Category Archives: Critical thinking

There is a better Way


I want to end this series on the paranoid elites trying to hunker down in a missile silo on a happier note. It is not all doom.

In the 60s and 70s Stewart Brand, now a Silicon Valley sage, owned the “Whole Earth Catalog.” It attracted a large and loyal cult following as it blended hippie-dippy advice with the technical. I loved their motto: “We are as gods and might as well get good at it.”. Brand experimented with survivalism but abandoned it.  Ultimately, he found it did not make sense. Things based on unreasonable fears seldom make sense. Evan Osnos described him in his current situation this way,

“At seventy-seven, living on a tugboat in Sausalito, Brand is less impressed by signs of fragility than by examples of resilience. In the past decade, the world survived, without violence, the worst financial crisis since the Great Depression; Ebola, without cataclysm; and, in Japan, a tsunami and nuclear meltdown, after which the country has persevered. He sees risks in escapism. As Americans withdraw into smaller circles of experience, we jeopardize the “larger circle of empathy,” he said, the search for solutions to shared problems. “The easy question is, how do I protect me and mine? The more interesting question is, What if civilization actually manages continuity as well as it has managed it for the past few centuries? What do we do if it just keeps on chugging?”


As it has so often in the past, America is being pushed and pulled at the same time particularly by the extremes of left and right.  On the one  hand there are people like survivalists, neo-liberals, and their political puppets who have shredded all of their fellow feeling in order to fill their bags with as much money as possible. On the other hand,  are some genuine whackos on the left as well.  Yet there are the kinder gentler souls who see a better way, but seem to be increasingly crushed by the more vocal and bellicose camps. I don’t know who will win this battle, but I care. I hope that America (and with Canada dragging along behind) comes to its senses and abandons this philosophy of fear. Fear is all right but it must be managed. Don’t let it get unreasonable. When it gives way to panic we have to realize that smart decisions will no longer be made. We must abandon panic; we must embrace critical thinking and fellow feeling. If we can do that then we will survive. If we are unable to do that, we will sink into the mire, or worse. And we will deserve it.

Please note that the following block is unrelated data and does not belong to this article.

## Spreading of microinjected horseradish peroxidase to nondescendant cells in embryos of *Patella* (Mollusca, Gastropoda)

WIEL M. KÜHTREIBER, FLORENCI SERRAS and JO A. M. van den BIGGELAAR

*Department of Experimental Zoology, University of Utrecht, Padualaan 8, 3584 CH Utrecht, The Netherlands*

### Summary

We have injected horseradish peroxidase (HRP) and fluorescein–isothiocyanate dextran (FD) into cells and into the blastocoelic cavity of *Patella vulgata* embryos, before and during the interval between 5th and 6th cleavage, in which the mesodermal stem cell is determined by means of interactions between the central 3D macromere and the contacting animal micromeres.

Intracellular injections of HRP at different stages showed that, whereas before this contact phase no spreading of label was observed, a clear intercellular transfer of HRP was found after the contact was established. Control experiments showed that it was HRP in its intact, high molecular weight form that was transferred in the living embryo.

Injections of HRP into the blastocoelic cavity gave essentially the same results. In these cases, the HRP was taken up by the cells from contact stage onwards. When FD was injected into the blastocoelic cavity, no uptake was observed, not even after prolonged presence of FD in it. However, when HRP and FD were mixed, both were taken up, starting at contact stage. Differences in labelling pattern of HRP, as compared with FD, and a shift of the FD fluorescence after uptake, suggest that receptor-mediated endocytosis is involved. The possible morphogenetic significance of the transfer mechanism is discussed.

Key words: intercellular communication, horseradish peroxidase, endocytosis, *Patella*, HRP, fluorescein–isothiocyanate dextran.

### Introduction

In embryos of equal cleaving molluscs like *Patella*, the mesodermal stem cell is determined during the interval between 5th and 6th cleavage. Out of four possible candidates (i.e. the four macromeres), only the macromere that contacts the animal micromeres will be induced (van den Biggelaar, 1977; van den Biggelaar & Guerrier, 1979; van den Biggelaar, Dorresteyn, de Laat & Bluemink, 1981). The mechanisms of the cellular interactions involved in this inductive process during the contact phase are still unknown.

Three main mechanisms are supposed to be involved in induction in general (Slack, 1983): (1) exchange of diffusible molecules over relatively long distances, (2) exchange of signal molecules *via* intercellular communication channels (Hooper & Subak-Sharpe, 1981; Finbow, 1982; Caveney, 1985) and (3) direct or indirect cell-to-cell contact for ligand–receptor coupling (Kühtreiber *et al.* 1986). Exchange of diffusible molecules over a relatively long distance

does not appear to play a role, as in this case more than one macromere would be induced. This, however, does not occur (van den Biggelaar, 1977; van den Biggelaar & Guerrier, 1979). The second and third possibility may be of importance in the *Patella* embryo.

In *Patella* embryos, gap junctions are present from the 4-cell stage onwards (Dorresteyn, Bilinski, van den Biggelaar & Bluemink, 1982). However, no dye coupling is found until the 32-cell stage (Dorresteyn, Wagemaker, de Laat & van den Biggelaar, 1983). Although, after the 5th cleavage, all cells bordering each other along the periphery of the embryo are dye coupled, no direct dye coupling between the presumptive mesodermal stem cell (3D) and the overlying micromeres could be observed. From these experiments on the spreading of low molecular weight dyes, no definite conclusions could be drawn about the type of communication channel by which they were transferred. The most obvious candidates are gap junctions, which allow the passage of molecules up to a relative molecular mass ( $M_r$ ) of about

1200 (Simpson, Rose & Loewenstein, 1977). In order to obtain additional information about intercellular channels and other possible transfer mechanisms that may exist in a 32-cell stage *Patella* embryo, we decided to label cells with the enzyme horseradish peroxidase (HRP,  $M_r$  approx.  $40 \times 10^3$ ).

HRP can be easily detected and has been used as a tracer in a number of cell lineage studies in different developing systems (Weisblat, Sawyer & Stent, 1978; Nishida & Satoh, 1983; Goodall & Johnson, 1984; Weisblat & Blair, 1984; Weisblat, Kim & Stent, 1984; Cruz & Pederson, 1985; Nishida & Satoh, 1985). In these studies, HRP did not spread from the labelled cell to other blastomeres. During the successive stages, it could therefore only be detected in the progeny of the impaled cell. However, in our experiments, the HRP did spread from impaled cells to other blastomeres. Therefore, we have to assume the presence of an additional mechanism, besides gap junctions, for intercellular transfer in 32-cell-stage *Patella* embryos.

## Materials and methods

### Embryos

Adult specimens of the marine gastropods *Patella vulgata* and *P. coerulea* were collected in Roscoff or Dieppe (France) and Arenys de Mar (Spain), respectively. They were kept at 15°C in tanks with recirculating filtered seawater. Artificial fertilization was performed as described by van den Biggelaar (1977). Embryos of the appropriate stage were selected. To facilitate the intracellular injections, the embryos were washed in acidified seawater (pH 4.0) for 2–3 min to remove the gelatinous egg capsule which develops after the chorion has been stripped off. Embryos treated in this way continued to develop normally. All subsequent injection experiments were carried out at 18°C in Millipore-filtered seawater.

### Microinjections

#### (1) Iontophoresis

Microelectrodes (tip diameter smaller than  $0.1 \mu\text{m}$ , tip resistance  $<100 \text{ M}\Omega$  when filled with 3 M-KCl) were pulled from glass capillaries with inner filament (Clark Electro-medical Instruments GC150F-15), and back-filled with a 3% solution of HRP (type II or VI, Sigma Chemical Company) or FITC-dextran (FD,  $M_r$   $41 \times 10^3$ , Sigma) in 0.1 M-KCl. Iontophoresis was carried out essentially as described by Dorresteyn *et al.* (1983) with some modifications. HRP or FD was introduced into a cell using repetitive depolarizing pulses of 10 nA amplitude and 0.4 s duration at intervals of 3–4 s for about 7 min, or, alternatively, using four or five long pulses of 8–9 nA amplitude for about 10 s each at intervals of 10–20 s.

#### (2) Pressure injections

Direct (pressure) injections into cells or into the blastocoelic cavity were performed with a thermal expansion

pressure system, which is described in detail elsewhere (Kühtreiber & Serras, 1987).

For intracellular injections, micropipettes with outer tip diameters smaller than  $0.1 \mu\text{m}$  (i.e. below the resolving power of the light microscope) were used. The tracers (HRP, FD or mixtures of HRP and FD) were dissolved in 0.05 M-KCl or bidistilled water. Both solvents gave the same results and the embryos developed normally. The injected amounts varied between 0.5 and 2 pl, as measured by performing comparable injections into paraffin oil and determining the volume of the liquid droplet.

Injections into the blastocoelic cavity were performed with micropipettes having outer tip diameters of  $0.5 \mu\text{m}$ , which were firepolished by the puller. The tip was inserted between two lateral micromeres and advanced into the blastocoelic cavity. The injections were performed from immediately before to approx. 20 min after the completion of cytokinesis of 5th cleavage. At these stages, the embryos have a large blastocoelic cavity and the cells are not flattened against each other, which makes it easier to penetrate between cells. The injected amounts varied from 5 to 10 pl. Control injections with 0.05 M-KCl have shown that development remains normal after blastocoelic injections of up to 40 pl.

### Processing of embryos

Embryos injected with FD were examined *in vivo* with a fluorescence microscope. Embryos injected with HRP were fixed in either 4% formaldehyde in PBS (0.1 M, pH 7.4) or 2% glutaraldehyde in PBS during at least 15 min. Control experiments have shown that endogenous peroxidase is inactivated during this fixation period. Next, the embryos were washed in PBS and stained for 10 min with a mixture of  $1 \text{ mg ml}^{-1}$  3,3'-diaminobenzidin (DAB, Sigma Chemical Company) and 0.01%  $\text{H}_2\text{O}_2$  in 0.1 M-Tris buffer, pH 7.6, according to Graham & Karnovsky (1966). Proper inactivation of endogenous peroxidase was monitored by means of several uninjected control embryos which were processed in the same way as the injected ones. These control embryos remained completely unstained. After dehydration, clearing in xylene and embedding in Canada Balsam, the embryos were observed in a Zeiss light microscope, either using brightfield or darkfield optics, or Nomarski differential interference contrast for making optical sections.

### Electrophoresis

We must remember: there is a better way. We may need to meander to find it, but its there.


Group Thinks v. Long Thinks


In the novel The Adventures of Huckleberry Finn, Huck encounters a number of deep moral dilemmas. The biggest of course is whether or not he should help Jim a slave escape from his “rightful owner” a woman who had never done him any harm. Huck “knows” what he should do. His conscience tells him that. He should not help a slave to escape. That would be wrong. But Huck stops and makes “a long think.” He must think critically.


Huck is also challenged by religion. He was taught that ever since he was born. Religion, together with the notion of white supremacy, is the ideology of his life. He “knows” it is right yet is challenged about it. Both of these are ideologies. They are both born from group think. We believe what we are taught by our team.

When Huck was having difficulties falling into the group think, Miss Watson would take him into the closet and pray with him.

“But nothing come of it. She told me to pray every day, and whatever I asked for I would get it. But it warn’t so. I tried it. Once I got a fish-line, but no hooks. It warn’t any good to me without hooks. I tried for hooks there or four times., but somehow I couldn’t make it work. By and by, I asked Miss Watson to try for me, but she said I was a fool. She never told me why. And couldn’t make it out no way. ”


As a result, Huck did what he should do.  He “set down one time back in the woods, and had a long think.” He thought about it critically with all his faculties. His reasoning would not be considered very sophisticated. As he said,